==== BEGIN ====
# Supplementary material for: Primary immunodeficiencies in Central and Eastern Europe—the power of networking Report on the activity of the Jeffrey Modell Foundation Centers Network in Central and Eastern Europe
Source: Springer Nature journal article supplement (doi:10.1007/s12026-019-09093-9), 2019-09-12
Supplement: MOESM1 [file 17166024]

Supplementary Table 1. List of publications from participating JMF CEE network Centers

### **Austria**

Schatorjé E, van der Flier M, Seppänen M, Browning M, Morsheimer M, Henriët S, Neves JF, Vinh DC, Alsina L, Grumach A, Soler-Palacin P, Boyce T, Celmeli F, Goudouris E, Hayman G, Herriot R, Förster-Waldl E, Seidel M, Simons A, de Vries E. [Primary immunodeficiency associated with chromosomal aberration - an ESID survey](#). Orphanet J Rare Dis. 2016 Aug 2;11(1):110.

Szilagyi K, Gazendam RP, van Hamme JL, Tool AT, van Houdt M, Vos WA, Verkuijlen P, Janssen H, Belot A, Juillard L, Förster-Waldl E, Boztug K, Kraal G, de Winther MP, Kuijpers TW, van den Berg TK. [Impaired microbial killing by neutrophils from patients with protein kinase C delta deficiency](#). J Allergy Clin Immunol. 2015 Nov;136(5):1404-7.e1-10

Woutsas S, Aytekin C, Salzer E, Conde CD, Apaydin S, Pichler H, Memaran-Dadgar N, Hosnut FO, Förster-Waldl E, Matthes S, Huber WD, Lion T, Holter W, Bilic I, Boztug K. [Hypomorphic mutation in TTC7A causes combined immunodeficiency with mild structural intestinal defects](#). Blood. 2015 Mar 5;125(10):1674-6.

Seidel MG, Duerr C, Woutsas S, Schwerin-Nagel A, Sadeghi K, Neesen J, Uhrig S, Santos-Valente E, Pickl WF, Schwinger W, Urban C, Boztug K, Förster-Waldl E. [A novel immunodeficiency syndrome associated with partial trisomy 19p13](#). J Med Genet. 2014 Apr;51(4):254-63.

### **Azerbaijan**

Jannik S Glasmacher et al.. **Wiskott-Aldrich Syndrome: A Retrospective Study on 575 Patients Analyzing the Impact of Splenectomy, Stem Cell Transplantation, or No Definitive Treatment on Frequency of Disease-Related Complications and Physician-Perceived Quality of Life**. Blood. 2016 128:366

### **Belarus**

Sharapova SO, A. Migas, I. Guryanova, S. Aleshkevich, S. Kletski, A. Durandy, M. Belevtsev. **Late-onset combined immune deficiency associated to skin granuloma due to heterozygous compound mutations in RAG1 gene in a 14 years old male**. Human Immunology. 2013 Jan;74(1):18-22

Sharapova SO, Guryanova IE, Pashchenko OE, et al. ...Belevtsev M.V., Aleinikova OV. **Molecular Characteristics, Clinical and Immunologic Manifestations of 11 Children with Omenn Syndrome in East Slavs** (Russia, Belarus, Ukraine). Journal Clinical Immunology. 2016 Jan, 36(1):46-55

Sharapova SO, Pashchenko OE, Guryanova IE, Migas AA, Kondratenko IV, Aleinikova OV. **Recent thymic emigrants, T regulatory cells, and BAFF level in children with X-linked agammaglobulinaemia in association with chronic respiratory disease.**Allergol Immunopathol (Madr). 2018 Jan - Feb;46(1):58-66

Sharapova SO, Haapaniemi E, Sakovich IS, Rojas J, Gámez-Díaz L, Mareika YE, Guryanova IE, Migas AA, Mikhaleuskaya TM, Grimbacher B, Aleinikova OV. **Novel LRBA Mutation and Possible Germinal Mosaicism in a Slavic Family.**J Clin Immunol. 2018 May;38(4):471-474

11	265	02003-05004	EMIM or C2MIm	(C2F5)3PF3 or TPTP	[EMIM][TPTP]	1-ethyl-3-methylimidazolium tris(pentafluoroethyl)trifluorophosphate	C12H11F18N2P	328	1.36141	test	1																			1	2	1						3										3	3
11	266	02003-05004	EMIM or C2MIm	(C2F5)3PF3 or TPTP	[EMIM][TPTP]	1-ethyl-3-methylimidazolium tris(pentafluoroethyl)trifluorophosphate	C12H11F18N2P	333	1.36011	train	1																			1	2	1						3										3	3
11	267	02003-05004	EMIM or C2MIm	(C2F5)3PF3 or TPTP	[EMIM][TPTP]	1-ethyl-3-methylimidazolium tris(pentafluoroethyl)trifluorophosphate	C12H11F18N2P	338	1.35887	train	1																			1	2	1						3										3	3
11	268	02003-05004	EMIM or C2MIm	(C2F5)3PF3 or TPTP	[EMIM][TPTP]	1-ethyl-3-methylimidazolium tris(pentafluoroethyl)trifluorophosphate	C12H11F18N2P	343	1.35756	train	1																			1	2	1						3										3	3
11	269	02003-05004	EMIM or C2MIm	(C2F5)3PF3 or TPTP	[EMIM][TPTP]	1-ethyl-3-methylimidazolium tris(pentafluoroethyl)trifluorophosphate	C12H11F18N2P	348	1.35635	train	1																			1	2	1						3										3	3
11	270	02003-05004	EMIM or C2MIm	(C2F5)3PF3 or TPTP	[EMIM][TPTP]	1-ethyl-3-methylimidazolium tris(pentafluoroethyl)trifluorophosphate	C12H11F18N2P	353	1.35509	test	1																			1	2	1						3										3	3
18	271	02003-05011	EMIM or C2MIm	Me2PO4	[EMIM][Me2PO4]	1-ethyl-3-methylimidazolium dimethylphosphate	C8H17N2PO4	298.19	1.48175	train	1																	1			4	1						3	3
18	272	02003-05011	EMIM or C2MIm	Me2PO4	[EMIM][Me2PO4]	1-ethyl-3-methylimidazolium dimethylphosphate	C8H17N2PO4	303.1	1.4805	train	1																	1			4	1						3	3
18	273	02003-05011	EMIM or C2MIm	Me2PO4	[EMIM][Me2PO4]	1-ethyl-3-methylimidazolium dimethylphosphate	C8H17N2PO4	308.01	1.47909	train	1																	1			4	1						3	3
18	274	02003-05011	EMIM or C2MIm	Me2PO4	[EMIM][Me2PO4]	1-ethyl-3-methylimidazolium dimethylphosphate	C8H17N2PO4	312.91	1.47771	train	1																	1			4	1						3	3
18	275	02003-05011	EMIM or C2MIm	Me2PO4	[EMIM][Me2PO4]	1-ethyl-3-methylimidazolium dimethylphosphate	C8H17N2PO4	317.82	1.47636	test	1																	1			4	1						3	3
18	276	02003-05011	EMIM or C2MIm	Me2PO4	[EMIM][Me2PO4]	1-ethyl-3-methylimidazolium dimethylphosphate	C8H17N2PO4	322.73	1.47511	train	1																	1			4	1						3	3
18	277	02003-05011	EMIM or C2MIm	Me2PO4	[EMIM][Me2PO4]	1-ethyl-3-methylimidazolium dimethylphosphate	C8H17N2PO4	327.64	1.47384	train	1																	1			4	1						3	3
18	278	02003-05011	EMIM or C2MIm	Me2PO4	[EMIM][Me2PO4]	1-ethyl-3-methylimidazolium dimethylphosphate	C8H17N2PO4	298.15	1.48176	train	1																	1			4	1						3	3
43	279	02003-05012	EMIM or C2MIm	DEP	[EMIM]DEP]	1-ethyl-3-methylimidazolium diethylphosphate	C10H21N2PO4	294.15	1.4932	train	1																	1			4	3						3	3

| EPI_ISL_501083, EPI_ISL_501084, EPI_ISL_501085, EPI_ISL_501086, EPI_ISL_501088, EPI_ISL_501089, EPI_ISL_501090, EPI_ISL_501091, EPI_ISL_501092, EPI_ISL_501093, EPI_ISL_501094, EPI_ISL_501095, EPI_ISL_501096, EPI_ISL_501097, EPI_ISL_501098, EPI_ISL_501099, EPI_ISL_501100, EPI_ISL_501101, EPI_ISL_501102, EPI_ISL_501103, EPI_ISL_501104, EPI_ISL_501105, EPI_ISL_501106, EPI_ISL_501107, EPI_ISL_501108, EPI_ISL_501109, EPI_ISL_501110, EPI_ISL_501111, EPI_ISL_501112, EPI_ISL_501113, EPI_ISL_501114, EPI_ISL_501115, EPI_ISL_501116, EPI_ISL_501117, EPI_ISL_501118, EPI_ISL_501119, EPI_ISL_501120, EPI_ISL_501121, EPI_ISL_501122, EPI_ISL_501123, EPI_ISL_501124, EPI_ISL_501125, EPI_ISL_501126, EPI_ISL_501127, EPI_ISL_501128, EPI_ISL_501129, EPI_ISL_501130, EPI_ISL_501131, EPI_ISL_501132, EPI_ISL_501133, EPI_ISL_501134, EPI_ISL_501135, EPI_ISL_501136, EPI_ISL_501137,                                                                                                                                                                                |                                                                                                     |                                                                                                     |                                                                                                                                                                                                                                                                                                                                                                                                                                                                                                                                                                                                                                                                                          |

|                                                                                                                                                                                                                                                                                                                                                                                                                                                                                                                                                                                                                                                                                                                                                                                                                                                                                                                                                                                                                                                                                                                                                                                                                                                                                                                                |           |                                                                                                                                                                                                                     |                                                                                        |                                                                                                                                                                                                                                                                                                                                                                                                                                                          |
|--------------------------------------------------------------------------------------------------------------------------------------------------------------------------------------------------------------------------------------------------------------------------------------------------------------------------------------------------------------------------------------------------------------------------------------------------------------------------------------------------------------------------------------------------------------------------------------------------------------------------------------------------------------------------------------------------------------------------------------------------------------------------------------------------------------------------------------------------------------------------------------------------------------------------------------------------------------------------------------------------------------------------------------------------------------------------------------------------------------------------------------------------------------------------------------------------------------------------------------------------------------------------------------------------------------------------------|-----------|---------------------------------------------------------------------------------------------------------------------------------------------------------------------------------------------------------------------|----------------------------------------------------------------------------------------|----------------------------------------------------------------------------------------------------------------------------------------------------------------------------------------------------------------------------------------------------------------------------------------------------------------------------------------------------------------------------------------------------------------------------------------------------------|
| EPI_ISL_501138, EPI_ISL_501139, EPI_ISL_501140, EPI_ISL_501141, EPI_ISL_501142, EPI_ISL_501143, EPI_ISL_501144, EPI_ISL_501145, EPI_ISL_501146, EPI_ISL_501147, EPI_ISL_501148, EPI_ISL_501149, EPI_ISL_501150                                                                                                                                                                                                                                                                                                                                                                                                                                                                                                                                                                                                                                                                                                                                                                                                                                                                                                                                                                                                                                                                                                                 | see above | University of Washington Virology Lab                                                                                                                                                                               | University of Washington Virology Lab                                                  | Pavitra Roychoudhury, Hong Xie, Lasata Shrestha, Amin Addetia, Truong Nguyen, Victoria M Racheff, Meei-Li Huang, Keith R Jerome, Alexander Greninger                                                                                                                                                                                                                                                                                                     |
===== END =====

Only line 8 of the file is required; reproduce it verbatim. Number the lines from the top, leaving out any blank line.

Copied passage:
Woutsas S, Aytekin C, Salzer E, Conde CD, Apaydin S, Pichler H, Memaran-Dadgar N, Hosnut FO, Förster-Waldl E, Matthes S, Huber WD, Lion T, Holter W, Bilic I, Boztug K. [Hypomorphic mutation in TTC7A causes combined immunodeficiency with mild structural intestinal defects](#). Blood. 2015 Mar 5;125(10):1674-6.